Southern Historical Society Papers, Volume 37. (ed. Reverend J. William Jones), An incident of the battle of Winchester, or Opequon. (search)
such a sight in my life as that of the tremendous force, the flying banners, sparkling bayonets and flashing sabres, moving from the north and east upon the left flank and rear of our army. It is wonderful to relate that notwithstanding this tremendous force, which over numbered Early fully four to one, and notwithstanding the fall of the gallant and efficient Rodes, Early extricated his army, and the battle closed, with the losses of Early (plus the loss in his cavalry, which for all of September was sixty killed and 288 wounded, supposing that all to have been incurred at Winchester), Sheridan's force would still largely exceed Early's. From my observation of that command and from my knowledge of the numbers which Early encountered, my opinion has long been fixed that Lee had no lieutenant whose talents for war were more brilliant than those of Early. The records prove his achievements so clearly that they cannot either be rubbed out or diminised by the pretensions of rivals o
Southern Historical Society Papers, Volume 37. (ed. Reverend J. William Jones), chapter 1.22 (search)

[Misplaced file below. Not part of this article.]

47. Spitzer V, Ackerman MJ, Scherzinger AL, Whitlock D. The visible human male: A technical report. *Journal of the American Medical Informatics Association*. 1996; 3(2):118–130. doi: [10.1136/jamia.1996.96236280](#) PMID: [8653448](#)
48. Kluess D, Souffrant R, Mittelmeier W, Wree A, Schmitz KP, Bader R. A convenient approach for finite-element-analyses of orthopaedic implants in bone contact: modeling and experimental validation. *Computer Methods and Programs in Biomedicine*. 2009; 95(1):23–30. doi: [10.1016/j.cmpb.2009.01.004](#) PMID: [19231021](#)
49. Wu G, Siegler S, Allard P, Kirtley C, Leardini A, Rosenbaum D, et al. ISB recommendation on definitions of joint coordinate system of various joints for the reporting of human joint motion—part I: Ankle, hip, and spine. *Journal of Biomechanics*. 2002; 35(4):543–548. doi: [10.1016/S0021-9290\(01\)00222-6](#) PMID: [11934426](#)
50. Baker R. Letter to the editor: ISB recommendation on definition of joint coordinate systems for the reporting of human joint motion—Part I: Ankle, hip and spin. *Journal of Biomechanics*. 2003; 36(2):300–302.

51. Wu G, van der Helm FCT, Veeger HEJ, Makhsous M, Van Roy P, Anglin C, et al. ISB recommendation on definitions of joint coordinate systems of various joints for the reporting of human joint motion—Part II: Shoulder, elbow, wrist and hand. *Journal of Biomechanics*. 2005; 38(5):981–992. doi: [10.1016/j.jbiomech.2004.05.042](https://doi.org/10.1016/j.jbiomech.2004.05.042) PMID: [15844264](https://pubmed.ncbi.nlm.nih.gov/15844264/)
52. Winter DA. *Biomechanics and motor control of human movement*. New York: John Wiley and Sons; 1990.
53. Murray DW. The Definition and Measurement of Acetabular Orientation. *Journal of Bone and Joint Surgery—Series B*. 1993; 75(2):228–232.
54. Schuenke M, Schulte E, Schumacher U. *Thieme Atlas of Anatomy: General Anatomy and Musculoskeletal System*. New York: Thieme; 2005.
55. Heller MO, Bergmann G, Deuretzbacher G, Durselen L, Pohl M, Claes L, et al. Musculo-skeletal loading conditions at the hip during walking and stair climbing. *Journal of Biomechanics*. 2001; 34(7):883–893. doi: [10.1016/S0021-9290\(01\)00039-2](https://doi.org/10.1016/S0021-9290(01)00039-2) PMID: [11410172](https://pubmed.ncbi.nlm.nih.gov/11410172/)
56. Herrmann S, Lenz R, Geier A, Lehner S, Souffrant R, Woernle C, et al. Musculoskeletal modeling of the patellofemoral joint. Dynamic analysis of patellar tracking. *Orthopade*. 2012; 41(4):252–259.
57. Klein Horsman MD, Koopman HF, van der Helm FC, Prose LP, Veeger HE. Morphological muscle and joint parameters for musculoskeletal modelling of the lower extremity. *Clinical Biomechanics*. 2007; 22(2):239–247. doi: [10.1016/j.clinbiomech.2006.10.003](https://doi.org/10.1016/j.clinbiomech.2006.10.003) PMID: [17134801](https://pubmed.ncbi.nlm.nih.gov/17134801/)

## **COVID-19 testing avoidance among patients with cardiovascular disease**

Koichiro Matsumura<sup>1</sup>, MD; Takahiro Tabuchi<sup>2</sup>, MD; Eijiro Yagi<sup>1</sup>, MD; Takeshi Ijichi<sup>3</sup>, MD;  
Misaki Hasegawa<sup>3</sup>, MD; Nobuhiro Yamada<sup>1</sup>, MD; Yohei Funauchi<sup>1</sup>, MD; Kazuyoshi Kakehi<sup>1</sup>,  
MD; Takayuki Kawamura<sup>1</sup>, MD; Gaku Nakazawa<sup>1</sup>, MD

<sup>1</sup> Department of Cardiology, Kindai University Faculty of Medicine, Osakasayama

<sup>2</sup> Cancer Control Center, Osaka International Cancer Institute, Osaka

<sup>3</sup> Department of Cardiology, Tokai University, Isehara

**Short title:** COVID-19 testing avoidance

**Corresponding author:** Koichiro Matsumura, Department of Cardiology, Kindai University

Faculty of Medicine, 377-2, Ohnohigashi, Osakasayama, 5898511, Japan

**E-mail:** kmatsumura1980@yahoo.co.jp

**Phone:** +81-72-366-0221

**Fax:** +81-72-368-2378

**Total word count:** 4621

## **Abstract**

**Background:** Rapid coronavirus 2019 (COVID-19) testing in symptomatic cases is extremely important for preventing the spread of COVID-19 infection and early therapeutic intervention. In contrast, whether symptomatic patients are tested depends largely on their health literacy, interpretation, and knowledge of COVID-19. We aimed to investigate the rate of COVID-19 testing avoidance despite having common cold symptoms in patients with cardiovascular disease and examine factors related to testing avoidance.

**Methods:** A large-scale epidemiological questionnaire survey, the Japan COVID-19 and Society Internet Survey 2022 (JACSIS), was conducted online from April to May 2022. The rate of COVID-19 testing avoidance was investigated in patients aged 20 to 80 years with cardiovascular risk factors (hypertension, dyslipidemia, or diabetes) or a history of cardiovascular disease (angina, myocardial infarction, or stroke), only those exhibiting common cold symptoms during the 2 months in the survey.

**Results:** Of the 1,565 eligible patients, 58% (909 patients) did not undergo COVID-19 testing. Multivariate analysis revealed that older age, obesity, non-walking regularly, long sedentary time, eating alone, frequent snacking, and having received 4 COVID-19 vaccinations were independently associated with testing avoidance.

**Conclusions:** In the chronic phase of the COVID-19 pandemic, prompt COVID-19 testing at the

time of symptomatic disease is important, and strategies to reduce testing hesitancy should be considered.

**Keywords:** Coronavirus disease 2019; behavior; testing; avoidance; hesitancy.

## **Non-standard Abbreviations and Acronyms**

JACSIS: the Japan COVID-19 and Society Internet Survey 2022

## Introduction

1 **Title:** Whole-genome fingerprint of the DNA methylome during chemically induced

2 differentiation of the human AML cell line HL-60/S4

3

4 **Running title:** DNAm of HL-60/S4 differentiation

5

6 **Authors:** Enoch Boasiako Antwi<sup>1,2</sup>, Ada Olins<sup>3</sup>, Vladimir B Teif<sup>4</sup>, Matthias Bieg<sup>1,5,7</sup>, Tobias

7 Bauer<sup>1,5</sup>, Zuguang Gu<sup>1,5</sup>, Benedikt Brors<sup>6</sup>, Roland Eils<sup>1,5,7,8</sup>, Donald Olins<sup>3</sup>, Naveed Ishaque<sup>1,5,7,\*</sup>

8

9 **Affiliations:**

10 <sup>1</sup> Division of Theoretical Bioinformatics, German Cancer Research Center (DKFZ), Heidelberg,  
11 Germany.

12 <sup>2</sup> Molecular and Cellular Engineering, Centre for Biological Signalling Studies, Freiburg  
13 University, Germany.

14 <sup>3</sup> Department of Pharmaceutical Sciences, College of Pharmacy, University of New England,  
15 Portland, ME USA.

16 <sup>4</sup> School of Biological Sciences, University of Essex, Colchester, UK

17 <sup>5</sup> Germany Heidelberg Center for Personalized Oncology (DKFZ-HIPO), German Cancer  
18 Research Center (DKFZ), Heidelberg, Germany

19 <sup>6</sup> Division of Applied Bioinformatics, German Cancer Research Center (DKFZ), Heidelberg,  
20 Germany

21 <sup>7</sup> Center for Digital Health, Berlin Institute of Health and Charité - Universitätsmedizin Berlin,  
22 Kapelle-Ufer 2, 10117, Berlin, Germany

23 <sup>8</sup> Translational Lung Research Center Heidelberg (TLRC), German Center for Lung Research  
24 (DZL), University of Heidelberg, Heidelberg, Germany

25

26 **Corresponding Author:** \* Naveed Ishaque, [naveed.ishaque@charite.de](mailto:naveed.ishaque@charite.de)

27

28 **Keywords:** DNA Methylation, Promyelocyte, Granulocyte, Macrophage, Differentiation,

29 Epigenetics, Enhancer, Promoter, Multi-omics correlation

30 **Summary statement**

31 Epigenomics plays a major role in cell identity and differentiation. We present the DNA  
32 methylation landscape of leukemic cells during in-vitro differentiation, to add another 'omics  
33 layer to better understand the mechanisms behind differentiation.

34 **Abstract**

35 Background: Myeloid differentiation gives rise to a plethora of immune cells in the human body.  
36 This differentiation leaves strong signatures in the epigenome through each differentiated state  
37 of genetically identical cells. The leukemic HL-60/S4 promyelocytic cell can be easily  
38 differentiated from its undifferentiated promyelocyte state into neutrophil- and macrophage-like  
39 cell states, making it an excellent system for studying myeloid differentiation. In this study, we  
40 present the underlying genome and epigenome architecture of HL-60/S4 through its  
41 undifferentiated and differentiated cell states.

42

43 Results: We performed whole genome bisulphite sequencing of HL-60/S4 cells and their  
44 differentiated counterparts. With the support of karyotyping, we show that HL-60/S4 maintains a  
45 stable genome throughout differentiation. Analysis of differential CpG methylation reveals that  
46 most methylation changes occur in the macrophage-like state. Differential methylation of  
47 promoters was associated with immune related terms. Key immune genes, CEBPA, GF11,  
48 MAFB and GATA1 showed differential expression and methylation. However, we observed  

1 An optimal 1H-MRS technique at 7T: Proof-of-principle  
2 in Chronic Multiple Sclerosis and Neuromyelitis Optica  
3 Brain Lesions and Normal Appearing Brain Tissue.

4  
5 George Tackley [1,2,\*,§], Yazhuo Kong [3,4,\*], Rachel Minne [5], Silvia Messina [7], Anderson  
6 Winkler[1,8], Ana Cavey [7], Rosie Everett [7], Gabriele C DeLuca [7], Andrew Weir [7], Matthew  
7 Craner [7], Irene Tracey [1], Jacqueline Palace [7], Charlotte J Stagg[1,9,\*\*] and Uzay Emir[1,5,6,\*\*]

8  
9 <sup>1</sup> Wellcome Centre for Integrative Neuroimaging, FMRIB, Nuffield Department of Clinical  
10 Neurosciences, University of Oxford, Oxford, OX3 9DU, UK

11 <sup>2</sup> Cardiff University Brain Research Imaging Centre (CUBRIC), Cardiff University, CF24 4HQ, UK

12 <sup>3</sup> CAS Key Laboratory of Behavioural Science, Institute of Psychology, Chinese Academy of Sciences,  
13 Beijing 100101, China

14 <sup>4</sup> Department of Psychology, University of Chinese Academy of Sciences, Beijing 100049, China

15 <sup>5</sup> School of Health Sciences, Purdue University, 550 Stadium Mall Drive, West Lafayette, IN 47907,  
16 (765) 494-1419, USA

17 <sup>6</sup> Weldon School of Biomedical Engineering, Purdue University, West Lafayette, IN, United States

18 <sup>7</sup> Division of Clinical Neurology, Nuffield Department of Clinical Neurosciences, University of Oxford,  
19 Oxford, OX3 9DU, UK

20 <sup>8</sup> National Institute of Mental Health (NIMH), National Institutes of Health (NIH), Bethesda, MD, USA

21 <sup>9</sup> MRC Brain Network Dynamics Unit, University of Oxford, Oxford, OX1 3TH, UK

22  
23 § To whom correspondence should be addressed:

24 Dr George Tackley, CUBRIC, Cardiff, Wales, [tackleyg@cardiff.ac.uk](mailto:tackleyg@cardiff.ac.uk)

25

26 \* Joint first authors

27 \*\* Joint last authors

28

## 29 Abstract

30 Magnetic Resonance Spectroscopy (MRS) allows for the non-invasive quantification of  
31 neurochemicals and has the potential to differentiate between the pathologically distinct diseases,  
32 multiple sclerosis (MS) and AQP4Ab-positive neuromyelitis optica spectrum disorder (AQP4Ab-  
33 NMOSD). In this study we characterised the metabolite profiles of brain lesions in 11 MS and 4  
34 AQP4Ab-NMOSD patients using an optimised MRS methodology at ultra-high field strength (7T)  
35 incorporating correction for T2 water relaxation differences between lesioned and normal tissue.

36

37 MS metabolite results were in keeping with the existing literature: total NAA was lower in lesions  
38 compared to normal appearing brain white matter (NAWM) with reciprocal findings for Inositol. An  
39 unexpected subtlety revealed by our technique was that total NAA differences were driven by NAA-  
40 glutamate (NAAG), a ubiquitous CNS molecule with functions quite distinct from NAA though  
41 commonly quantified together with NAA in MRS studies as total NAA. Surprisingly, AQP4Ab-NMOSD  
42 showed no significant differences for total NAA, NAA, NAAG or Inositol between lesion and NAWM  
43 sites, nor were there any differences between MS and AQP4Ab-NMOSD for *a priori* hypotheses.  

gard, after the battle of July 18th, at Blackburn Ford, ordered that a small red badge should be worn on the left shoulder of our troops, and, as I was chief quartermaster, ordered me to purchase a large quantity of red flannel and to distribute it to each regiment. During the battle of Bull Run it was plain to be seen that a large number of Federal soldiers wore a similar red badge. General Johnston and General Beauregard met at Fairfax Courthouse in the latter part of August or early September and determined to have a battle flag for every regiment or detached command. General Johnston's flag was in the shape of an eclipse-red flag with blue St. Andrew's cross and stars on the cross (white) to represent the different Southern States. (No white border of any kind was attached to the cross.) General Beauregard's was a rectangle, red, with St. Andrew's cross and white stars, similar to General Johnston's. After we had discussed fully the two styles, taking into consideratio
Southern Historical Society Papers, Volume 37. (ed. Reverend J. William Jones), Who was last soldier to leave burning city. (search)
Who was last soldier to leave burning city. The September Confederate Veteran contained a statement that there was dispute concerning what soldier, or command of soldiers, was the last to leave Richmond on the morning of April 3, 1865, and asked information. Colonel Clement Sulivane, of Cambridge, Md., replied in the December issue, and as his communication must be of interest to all Times-Dispatch readers as part of the history of Richmond, I beg leave to submit it for their benefit: There should be no dispute about it, to give Colonel Sulivane's answer verbatim. It was a fragment of General G. W. C. Lee's command, known as the Local Defense Brigade, and attached to his division, placed under my command, then assistant adjutant of Lee's Division, by Lieutenant-General Ewell on the morning of April 2. This was immediately after receipt of the news that our lines had been broken before Petersburg. The last bridge over the James—Mayo's—at the foot of Fourteenth street, wa